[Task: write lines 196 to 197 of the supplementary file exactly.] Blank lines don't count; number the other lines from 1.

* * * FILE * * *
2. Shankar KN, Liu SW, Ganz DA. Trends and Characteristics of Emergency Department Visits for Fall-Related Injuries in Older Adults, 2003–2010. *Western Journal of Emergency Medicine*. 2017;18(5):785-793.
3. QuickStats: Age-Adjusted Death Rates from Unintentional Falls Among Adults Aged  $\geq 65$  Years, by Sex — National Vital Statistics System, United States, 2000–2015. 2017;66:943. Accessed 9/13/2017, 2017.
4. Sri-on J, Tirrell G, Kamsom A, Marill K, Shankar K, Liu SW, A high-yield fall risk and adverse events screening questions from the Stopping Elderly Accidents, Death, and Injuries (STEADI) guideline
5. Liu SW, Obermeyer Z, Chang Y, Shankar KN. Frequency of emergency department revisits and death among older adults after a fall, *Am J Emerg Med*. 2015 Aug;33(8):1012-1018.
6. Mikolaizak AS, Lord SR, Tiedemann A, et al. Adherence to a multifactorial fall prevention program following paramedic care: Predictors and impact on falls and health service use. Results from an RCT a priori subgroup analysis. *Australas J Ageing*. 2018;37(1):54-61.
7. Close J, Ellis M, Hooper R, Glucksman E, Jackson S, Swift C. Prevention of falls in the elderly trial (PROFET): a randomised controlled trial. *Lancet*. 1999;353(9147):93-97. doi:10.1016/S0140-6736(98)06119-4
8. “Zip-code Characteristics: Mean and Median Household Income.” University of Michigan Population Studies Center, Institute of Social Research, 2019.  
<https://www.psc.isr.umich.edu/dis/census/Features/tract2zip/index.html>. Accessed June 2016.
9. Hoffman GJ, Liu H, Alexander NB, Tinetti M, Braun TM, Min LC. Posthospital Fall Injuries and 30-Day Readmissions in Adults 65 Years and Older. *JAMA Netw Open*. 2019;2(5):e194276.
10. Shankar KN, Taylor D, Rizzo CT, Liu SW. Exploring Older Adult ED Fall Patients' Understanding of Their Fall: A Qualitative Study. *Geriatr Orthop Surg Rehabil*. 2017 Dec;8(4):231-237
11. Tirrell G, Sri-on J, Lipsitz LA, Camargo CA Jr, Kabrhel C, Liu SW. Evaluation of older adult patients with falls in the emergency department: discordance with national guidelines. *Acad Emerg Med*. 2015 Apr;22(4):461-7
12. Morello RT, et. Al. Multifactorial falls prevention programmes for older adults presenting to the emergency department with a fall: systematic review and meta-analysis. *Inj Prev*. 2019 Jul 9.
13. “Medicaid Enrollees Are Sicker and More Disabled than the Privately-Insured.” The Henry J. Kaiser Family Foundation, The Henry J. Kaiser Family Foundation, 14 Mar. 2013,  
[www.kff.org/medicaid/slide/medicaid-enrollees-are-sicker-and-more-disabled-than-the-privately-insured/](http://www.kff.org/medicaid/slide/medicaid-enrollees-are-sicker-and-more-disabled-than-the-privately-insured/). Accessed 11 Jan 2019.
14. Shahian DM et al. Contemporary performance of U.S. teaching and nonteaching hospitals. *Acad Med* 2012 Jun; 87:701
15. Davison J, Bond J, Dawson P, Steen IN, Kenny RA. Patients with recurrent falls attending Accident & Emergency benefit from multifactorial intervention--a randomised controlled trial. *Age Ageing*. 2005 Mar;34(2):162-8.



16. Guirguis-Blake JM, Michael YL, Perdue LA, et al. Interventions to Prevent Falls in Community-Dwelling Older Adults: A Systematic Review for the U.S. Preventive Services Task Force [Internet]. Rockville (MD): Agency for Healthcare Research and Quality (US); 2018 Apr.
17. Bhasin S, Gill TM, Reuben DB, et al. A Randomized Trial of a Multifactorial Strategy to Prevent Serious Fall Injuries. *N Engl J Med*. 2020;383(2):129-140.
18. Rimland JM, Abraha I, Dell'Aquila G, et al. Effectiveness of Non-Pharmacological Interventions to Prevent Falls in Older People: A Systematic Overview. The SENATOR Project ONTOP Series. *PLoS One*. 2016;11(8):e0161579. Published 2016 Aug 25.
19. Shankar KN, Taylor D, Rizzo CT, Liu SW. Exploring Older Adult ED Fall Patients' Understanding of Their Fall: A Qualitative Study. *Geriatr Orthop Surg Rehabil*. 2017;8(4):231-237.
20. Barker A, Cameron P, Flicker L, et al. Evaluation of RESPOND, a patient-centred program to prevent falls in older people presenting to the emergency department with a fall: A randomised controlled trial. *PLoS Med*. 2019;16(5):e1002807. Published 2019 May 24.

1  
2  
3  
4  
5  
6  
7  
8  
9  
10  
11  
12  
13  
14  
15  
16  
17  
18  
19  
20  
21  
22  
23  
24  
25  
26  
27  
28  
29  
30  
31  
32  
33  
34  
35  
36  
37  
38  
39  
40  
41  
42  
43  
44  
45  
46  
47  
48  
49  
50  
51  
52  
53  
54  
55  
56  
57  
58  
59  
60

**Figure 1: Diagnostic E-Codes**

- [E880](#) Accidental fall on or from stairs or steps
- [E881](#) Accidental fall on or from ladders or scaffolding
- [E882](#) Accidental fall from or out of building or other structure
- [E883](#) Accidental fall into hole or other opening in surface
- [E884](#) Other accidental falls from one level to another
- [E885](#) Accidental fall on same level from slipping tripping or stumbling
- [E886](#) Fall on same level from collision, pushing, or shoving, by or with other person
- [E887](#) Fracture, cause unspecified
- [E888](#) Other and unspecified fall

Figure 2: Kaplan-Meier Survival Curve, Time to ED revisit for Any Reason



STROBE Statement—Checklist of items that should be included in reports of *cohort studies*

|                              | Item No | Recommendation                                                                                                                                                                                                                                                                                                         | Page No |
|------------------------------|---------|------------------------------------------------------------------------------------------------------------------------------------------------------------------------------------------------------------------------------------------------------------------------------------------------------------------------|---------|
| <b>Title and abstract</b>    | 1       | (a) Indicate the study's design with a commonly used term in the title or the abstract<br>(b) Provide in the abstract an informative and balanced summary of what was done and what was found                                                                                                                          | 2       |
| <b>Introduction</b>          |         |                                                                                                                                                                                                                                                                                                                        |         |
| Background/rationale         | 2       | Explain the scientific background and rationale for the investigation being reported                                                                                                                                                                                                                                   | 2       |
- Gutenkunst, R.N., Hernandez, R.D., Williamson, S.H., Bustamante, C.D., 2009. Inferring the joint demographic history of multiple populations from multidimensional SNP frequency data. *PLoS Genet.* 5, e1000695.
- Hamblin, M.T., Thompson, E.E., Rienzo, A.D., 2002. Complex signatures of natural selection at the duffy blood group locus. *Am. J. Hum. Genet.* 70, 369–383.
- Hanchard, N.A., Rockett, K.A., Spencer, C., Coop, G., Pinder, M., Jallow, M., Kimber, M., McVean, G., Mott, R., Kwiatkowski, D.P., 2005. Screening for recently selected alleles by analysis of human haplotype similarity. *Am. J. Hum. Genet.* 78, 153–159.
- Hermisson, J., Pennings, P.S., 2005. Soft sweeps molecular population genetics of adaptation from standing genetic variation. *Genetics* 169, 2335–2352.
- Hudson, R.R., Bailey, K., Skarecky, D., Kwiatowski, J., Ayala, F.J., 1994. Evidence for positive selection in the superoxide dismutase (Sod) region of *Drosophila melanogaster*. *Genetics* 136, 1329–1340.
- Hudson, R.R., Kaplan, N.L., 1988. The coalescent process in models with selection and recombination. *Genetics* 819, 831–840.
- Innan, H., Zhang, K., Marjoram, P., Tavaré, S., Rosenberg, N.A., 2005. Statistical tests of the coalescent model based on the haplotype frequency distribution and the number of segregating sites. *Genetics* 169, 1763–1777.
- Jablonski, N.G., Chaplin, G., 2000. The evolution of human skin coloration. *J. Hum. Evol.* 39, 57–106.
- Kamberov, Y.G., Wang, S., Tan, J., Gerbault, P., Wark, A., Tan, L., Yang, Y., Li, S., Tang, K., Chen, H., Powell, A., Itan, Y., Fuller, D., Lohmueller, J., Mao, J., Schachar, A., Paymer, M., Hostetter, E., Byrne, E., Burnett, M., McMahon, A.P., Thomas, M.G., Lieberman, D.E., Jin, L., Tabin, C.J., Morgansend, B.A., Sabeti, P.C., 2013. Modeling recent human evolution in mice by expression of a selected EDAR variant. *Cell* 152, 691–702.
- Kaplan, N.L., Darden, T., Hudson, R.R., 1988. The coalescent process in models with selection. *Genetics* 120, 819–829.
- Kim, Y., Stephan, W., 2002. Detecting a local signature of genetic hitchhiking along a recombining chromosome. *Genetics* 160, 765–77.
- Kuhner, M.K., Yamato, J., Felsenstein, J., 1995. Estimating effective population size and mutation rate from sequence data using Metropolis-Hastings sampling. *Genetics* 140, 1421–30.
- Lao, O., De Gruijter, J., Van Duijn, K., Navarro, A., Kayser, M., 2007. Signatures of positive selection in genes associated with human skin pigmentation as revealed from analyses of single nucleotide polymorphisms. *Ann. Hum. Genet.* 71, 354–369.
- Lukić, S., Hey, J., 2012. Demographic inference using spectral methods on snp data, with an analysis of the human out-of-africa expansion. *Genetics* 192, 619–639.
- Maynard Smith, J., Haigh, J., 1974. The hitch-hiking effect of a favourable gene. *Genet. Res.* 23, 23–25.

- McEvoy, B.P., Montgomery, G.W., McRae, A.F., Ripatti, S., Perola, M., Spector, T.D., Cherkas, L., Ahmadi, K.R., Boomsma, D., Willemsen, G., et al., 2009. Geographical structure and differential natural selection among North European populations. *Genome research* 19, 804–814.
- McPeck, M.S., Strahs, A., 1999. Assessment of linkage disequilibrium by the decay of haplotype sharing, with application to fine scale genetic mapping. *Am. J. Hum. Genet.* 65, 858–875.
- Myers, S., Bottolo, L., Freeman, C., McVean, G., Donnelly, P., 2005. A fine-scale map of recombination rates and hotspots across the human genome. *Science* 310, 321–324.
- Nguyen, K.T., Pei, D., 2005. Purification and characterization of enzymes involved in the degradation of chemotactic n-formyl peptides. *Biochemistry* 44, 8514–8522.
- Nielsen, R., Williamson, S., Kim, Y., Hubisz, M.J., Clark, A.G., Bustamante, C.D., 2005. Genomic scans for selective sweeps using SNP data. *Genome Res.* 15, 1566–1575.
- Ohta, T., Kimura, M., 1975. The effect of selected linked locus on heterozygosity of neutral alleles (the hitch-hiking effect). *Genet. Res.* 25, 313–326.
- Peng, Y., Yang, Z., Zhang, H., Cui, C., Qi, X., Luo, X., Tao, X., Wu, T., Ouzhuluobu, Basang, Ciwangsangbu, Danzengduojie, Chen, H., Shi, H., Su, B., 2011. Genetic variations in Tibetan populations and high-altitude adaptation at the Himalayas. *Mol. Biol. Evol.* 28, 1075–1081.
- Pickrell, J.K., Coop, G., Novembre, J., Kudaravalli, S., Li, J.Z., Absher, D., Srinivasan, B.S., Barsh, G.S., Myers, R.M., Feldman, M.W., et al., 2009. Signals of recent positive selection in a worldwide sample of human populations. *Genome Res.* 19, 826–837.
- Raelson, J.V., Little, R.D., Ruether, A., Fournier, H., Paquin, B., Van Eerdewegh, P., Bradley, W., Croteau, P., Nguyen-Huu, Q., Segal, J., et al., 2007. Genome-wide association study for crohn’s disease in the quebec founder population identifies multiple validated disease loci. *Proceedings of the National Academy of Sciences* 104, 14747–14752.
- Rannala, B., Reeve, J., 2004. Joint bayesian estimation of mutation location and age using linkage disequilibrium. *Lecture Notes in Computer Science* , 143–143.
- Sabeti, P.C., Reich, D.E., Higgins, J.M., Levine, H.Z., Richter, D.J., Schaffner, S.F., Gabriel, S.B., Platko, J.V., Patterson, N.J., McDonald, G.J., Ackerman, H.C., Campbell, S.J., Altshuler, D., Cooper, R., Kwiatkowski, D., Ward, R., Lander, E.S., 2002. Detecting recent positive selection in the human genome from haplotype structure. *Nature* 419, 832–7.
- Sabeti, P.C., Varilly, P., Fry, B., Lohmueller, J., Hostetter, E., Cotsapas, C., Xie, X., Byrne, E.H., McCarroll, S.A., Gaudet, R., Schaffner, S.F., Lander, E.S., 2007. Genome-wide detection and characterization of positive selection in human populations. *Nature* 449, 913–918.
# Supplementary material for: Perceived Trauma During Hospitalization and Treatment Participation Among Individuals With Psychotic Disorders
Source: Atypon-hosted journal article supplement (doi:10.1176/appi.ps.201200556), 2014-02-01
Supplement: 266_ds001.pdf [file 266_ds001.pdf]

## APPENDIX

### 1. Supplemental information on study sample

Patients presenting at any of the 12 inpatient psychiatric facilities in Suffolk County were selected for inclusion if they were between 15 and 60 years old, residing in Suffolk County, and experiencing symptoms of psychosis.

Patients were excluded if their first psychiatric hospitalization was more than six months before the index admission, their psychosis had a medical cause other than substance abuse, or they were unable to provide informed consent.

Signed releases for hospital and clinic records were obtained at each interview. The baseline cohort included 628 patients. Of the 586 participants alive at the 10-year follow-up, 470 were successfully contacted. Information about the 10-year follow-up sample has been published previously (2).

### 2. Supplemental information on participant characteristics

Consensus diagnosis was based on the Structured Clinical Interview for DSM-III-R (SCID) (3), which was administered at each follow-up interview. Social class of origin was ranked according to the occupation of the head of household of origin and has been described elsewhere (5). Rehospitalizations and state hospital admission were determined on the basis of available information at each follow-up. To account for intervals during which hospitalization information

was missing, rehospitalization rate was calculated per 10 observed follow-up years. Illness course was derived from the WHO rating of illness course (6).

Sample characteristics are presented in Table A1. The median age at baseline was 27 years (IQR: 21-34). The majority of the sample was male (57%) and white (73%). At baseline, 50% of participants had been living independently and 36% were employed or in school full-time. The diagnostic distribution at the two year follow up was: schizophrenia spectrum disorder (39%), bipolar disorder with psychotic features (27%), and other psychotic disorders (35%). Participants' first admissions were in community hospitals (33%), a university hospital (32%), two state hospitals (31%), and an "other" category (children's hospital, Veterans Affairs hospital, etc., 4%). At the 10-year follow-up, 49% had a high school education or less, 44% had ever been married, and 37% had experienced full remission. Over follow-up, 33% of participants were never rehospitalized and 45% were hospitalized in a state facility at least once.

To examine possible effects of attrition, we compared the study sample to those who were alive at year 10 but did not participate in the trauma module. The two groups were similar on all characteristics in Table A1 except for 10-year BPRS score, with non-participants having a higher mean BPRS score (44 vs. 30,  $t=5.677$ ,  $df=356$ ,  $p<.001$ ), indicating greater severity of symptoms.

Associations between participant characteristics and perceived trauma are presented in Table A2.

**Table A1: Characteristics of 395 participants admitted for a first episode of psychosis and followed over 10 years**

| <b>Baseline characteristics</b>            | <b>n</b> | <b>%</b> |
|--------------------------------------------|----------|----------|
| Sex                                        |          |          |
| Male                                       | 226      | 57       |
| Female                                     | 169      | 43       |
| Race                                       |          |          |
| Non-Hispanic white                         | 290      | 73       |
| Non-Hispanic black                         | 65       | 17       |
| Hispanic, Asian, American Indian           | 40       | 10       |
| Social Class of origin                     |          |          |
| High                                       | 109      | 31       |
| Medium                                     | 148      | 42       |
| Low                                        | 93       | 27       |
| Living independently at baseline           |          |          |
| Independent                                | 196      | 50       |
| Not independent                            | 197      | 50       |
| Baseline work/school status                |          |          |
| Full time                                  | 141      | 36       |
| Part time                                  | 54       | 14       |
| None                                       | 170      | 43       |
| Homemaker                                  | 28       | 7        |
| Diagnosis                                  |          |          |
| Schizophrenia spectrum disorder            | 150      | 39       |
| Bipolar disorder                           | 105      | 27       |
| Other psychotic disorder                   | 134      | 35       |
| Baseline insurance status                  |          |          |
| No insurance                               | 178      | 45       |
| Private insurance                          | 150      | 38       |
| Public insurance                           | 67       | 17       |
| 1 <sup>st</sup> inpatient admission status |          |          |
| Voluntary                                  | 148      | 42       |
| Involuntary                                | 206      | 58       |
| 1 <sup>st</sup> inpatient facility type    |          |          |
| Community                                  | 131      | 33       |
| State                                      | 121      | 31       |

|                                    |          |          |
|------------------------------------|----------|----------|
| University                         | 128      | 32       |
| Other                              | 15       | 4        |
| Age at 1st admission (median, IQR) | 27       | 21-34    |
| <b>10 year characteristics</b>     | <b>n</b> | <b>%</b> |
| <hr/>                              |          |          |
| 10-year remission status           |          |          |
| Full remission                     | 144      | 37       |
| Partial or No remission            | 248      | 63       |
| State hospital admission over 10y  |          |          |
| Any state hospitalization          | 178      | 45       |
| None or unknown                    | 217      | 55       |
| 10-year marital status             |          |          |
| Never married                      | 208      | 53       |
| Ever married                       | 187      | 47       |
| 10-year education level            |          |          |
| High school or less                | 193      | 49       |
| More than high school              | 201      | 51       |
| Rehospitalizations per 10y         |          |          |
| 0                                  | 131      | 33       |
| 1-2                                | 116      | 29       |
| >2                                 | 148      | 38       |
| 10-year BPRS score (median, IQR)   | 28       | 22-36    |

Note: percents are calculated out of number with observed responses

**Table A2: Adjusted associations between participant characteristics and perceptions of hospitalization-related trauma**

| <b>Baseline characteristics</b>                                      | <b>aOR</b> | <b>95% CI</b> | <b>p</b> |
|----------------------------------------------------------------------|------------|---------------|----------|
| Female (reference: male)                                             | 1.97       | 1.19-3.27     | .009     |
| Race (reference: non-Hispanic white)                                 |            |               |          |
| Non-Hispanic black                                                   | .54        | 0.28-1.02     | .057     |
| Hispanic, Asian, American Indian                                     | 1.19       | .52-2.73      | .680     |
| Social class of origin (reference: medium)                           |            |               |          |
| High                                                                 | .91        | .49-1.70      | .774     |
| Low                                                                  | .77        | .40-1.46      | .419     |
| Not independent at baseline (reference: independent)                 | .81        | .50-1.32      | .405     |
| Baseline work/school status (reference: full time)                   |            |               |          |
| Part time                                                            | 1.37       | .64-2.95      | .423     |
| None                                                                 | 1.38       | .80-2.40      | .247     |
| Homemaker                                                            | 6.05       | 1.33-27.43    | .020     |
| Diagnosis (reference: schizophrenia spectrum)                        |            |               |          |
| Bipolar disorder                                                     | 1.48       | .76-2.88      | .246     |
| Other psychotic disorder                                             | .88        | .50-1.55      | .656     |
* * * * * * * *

| 0                                  | 131      | 33       |
| 1-2                                | 116      | 29       |